James Jowsey, CrossFit 3Ds Movement Expert, has helped CrossFit athletes from all over the UK to improve their performance and recover from injuries. He makes the point in his recent blog (really worth a read) that injury will happen in ANY sport. As a therapist, he’s dealt with people from all types of athletic background – football, martial arts, rugby, CrossFit……. even yoga. And he even makes the point that people who don’t do any exercise and spend all their time at a desk get injured (lower back, shoulder and neck injuries). Speaking to him recently, he said “you show me a marathon runner who hasn’t had a knee, hip or lower back injury…… or a football player who hasn’t hurt himself at some point”.

So, my first point, is: you’re not alone. You’re not unique in your struggles and it’s not abnormal to get injuries.

Keep training

Again, I’ll refer back to Kelly Starrett: “Continuing to CrossFit while you have an acute injury can actually promote healing. You had a surgery on Friday? Take a couple of days off. See you on Monday,” he says. “The key is modifying the program. If a limb is injured, don’t use it. But keep working out. It’s best to train through and around injures. Otherwise, the ghosts of injuries can remain for years and negatively affect athletic performance.

Continuing to work out reinforces tissue and keeps systems intact. The metabolic and anabolic cascade and neurendocrine response lead to increased growth hormone, increased testosterone and increased insulin growth factors—all good things.

And the psycho-social factors are also important. Athletes should not be isolated from their workout buddies or allowed to give up. They need to get back into action. The last thing most athletes recovering from an acute injury should do is take a month off from CrossFitting.“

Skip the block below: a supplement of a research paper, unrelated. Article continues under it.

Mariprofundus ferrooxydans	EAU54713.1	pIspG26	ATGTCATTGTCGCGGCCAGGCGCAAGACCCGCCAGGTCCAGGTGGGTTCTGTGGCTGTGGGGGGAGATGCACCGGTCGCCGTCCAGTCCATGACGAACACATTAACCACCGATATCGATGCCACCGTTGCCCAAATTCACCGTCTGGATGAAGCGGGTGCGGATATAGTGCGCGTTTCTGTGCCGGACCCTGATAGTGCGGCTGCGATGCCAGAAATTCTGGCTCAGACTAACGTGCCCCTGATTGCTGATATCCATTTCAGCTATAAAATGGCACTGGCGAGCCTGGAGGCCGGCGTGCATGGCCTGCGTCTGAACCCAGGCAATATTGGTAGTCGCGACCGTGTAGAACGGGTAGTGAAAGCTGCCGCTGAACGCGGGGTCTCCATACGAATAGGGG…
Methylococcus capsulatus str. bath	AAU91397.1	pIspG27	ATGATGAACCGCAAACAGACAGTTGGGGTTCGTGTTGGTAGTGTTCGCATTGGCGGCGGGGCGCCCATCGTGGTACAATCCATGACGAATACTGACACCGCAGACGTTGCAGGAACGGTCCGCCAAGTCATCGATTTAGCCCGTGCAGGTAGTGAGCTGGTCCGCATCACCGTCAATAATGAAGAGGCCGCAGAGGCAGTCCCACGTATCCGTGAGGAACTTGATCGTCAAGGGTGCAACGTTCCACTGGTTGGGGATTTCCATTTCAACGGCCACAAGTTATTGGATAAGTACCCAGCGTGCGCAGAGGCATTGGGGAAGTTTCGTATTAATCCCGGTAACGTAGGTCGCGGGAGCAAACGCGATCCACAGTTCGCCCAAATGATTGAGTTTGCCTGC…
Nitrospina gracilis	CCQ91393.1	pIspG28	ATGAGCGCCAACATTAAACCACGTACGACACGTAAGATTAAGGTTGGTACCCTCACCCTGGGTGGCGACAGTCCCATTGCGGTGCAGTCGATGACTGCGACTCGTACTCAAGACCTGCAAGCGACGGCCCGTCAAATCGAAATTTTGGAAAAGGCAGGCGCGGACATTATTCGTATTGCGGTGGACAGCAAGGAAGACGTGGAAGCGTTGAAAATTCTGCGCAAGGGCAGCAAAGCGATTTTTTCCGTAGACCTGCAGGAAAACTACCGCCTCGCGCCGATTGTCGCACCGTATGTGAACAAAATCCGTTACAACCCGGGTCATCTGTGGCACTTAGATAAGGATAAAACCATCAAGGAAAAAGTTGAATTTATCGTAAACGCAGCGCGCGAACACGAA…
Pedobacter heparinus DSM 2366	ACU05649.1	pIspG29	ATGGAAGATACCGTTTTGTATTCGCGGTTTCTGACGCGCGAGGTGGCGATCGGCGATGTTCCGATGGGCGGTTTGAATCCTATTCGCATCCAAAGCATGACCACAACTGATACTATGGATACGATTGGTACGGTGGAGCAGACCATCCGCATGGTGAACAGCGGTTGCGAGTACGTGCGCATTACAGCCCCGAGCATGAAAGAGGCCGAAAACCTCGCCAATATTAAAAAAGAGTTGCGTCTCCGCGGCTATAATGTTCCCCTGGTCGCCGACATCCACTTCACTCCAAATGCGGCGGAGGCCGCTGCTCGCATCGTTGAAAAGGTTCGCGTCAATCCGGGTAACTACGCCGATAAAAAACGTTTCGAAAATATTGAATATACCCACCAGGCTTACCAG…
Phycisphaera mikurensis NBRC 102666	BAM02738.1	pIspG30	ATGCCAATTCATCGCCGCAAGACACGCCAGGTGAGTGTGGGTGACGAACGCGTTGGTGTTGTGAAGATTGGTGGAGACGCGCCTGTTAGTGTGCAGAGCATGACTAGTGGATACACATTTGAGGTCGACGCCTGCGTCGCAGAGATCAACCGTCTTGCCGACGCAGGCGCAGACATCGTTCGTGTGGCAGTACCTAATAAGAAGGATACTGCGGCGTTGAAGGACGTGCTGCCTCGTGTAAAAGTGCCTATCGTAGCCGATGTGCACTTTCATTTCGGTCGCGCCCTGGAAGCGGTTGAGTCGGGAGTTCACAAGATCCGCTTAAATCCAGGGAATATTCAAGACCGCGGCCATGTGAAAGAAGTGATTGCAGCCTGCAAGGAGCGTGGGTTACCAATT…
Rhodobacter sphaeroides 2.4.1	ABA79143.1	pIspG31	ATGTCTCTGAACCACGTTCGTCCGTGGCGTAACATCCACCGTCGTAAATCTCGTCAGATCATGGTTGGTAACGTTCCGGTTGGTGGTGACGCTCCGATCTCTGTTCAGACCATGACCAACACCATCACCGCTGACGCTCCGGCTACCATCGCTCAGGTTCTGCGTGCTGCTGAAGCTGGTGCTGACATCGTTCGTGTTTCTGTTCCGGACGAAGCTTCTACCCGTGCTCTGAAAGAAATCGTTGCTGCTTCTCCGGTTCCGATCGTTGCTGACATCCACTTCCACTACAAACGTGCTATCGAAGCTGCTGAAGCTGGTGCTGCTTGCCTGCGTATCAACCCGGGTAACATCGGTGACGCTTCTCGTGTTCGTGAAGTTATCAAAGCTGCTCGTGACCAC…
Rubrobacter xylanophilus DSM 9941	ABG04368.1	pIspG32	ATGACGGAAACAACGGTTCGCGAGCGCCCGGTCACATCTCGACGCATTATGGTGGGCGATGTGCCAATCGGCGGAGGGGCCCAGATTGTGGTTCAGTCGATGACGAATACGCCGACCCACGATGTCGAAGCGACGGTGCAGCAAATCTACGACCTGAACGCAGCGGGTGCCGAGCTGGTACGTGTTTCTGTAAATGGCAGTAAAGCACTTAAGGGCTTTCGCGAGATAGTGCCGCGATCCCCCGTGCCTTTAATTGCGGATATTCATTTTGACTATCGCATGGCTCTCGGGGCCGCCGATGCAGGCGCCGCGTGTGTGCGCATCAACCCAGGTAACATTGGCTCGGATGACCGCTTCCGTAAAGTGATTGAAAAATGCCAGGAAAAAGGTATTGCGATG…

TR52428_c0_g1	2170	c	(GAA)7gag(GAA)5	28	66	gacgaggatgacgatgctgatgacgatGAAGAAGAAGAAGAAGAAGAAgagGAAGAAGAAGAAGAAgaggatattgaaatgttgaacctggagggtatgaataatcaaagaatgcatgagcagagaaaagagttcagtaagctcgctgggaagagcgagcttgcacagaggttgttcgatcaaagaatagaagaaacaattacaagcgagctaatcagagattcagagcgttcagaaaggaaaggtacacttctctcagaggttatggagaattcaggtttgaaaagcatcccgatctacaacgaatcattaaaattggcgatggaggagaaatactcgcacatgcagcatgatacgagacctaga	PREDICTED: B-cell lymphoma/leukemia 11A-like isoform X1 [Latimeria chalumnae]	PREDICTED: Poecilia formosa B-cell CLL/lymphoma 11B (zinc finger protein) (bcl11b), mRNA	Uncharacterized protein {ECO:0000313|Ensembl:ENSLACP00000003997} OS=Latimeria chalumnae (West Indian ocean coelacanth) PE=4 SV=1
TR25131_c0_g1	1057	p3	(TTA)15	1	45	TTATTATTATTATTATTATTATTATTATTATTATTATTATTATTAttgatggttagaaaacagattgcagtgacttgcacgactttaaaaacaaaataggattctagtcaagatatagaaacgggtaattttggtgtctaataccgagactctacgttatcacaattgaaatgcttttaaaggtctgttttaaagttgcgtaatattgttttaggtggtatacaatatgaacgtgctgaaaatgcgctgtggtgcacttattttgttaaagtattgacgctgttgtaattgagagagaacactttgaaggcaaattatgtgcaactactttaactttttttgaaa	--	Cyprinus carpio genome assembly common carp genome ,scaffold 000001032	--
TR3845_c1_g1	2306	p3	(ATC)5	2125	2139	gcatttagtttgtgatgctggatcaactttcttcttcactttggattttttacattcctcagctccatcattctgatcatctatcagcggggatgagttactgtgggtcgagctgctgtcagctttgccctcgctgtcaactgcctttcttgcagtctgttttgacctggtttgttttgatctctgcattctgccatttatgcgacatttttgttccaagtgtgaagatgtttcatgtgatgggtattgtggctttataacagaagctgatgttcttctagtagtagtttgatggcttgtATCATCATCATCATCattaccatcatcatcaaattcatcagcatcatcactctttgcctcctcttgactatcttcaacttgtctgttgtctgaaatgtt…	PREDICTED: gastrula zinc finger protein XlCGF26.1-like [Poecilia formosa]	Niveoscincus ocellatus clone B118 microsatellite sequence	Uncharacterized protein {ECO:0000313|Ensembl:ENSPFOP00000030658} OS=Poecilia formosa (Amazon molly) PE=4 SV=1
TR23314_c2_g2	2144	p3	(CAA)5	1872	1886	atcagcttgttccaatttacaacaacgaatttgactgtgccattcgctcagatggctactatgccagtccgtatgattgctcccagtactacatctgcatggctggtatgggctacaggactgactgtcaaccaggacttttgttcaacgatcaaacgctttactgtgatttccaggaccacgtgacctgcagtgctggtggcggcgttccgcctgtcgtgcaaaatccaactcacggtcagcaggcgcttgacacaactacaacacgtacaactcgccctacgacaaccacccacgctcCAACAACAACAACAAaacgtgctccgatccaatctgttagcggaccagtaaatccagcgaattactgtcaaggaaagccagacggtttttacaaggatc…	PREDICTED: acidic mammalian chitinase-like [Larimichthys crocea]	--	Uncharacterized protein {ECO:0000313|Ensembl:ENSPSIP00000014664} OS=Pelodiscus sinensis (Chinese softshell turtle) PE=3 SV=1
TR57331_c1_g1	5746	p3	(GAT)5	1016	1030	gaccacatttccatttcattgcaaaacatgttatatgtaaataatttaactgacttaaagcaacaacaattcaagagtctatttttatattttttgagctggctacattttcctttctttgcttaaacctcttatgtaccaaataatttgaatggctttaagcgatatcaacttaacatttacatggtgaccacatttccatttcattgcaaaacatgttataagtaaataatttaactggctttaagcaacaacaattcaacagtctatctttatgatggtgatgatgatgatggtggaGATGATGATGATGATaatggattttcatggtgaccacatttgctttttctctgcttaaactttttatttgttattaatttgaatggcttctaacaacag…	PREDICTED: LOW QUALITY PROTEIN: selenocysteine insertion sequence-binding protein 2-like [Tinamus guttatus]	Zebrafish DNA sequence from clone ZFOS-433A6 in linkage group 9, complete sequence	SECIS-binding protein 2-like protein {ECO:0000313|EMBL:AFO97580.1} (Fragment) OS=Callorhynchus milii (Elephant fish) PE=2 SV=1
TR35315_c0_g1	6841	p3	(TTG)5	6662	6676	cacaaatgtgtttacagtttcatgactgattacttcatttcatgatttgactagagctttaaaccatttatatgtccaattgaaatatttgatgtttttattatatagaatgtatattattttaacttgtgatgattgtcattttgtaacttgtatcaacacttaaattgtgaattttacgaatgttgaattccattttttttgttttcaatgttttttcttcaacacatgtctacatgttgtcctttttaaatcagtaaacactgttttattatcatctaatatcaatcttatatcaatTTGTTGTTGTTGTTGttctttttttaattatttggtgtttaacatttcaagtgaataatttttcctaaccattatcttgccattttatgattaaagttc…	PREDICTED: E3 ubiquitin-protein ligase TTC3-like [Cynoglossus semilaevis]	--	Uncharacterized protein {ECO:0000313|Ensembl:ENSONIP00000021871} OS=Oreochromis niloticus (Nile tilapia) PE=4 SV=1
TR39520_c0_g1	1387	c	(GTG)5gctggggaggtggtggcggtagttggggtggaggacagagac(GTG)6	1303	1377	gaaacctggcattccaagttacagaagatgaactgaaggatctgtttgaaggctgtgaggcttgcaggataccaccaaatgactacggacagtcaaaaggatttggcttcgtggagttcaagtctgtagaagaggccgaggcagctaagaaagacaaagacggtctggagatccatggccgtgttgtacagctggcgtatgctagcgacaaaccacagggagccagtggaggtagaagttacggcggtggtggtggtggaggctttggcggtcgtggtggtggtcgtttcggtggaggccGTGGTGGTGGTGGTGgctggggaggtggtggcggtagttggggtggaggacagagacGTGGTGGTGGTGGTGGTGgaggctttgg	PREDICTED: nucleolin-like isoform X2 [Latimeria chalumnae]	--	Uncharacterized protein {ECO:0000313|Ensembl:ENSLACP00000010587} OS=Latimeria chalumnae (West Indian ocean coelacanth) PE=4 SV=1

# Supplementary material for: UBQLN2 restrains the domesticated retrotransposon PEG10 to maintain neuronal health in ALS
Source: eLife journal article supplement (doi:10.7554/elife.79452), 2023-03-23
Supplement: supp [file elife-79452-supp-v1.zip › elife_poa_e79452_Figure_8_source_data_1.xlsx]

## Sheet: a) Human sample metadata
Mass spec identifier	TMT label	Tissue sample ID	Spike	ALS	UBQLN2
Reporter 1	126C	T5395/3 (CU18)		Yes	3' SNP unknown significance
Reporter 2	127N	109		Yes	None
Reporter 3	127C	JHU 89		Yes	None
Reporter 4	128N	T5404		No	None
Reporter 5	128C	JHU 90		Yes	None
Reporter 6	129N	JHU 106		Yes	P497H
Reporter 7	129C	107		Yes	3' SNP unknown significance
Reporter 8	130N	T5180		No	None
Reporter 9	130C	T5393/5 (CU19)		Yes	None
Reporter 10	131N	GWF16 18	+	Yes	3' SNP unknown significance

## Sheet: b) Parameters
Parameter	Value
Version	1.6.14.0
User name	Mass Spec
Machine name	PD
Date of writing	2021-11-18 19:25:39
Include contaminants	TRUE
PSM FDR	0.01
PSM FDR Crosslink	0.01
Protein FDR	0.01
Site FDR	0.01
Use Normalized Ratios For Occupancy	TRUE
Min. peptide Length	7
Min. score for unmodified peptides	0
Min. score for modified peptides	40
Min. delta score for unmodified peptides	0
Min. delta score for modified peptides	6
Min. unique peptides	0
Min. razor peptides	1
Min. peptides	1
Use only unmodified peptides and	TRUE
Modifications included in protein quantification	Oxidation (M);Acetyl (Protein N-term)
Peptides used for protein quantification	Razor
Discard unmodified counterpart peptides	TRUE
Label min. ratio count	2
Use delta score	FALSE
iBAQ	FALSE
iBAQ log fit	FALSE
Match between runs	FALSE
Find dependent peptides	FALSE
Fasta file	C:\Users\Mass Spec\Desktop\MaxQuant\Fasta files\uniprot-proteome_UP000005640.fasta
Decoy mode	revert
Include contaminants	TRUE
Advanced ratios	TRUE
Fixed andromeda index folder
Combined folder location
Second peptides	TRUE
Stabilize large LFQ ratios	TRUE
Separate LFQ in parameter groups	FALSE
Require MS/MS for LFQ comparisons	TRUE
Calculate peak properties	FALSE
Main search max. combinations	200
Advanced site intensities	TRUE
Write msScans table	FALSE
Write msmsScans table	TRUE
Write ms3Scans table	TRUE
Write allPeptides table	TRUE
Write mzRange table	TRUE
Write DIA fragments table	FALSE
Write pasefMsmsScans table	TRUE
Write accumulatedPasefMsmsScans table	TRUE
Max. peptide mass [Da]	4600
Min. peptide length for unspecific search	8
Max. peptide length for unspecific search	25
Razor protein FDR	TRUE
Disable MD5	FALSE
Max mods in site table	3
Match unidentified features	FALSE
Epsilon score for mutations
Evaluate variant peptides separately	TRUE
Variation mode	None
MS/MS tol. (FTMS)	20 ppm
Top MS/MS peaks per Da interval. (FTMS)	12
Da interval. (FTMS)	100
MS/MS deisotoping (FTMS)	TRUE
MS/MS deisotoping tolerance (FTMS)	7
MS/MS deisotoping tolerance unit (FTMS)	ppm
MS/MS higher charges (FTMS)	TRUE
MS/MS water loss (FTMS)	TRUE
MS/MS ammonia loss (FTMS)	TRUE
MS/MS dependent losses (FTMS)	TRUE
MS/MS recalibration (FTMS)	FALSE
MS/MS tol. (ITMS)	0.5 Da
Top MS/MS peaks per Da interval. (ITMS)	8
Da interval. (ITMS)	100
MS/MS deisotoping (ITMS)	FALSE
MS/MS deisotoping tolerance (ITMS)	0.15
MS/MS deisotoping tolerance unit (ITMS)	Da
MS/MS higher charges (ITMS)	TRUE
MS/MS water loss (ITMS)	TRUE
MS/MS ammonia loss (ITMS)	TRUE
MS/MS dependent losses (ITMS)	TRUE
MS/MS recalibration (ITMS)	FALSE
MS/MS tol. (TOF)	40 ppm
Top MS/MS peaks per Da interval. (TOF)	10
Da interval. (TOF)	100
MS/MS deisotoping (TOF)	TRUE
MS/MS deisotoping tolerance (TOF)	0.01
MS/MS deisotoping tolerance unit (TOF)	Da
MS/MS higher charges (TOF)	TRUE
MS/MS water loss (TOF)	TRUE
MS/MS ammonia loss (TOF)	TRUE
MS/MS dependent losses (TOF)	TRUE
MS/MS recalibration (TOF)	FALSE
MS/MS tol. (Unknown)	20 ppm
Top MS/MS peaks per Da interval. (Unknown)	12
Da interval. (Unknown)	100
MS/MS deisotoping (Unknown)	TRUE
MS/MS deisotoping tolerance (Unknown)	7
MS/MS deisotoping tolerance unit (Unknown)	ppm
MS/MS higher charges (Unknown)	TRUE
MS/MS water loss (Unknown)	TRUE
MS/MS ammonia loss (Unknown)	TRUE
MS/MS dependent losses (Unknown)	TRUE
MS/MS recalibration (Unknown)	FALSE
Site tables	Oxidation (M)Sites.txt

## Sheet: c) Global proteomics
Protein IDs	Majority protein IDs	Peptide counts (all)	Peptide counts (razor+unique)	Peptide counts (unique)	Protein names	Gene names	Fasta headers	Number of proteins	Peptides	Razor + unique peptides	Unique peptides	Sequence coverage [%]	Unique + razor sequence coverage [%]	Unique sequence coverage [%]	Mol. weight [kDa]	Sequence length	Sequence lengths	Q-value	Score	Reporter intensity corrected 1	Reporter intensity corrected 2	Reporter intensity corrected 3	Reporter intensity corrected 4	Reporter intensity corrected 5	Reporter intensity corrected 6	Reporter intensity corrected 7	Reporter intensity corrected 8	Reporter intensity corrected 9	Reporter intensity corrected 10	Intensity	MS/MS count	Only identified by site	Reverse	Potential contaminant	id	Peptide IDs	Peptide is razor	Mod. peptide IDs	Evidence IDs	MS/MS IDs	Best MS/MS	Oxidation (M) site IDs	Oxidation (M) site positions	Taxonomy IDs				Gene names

Starrett says conventional advice can sometimes be mistaken. “The recovery phase is when athletes need CrossFit most. When it comes to fitness, it’s a case of use it or lose it. Workouts should be modified, not abandoned. Working out increases blood flow and promotes healing. It drives insulin sensitivity, restores proteins and gets the whole system looking for anabolic enzymes. The recovery phase from an acute injury is also a great time to tackle your goat – the stuff you hate to do, but need to do. Injured athletes are still athletes. They need to avoid feeling sorry for themselves and get their butts back into the gym…….and quickly.”

At CrossFit Avon, the athletes who I’ve seen make the best recoveries are those who kept training around their injuries.

So, my second point is this: the last thing you want to do is stop training. We can substitute exercises, scale the movements or completely change the workout if necessary, but keep training.

Don’t give up

Mindset is crucial. No matter what happens to you, you get to decide what message to take from it.

If you’ve had an acute trauma, you can decide to use the recover time to work your other weaknesses and look at it as an opportunity. That may sound hard at the time, but you do literally have the choice to see it how you want to, and why would you want to add negative thinking to the equation?